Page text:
For example, suppose an unhappy customer verbally berates you. A natural response would be to lash out and become defensive. Another reaction is the "whipped puppy" response, when you feel like an undeserving victim. These attitudes will only cause the situation to become more stressful. Instead, take a deep breath and say something like "I will remain calm. By the time we hang up, we will be having a friendly discussion." Treat yourself with care and concern--just as any supportive friend would. Practice positive self-talk at every opportunity.

Take a "Technology Holiday"

Technology was supposed to make our lives easier. But many have come torealize that it's actually a double-edged sword, creeping into our personal lives and increasing stress levels for most workers. Laptop computers, pagers, and cellular phones have, in essence, created a 24-hour office from which there is no escape. Surveys show that 60 percent of workers feel their levels of stress have increased since computers made their debut into the workplace. Nearly 50 percent feel their workload has increased since that time.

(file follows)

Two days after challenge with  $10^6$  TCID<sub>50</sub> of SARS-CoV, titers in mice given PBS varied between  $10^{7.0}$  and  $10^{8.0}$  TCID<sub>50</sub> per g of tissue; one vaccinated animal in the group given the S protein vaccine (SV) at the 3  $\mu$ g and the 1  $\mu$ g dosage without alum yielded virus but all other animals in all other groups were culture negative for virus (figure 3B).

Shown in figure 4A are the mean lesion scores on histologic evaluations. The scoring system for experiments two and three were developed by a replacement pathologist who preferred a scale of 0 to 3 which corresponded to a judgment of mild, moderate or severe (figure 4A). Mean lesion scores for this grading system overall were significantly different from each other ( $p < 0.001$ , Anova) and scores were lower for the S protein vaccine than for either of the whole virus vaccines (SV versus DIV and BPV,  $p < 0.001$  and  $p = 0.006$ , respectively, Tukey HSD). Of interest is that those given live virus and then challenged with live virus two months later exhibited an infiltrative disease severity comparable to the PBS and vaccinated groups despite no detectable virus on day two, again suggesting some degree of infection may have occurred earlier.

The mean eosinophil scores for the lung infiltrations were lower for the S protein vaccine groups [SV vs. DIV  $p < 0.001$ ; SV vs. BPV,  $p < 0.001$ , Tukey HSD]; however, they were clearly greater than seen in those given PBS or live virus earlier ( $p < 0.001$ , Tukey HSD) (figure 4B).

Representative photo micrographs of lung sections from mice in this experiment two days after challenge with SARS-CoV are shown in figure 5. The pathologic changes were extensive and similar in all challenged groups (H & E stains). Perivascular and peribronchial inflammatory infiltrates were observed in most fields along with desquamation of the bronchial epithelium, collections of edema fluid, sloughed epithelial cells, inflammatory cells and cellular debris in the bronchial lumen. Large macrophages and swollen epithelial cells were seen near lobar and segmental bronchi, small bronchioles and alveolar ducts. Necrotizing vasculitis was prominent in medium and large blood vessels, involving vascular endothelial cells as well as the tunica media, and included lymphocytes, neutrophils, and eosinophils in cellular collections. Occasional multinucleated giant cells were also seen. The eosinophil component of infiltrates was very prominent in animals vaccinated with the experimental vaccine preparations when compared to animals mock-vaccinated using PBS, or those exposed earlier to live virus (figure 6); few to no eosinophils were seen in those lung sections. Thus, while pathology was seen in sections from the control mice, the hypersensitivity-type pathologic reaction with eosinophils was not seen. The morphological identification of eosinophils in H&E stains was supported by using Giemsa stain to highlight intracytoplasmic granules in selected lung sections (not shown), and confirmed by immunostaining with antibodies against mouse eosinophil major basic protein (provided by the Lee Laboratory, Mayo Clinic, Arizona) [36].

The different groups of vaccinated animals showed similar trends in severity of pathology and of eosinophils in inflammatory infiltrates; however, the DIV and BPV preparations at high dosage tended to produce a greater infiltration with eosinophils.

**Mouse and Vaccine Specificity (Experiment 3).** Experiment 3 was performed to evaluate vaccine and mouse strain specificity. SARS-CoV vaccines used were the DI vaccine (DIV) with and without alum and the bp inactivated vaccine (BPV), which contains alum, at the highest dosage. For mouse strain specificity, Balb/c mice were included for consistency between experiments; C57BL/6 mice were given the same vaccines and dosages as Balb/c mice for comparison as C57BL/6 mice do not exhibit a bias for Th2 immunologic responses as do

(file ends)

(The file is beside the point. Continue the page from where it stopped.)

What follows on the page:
Eighteen years of practice in the field of occupational medicine have enlightened Robert du Puis, M.D., author of How to Avoid High Tech Stress, of the dangers of technology. He encourages employees to take a technology holiday to reduce stress.

"Putting technology in proper perspective as a useful tool but not allowing it to run our lives is becoming increasingly difficult," du Puis explains. He advises that escaping e-mail, voice mail, cell phones, and beepers even during the evening or lunch hour is a sound step toward lowering stress.

Just Say No

The less control people have over their workday, the more likely theyare to suffer stress-related illnesses. Somewhere along the line we convinced ourselves that saying no is rude. We fear people won't like us. Unfortu-nately this logic carries a steep price tag in matters of stress.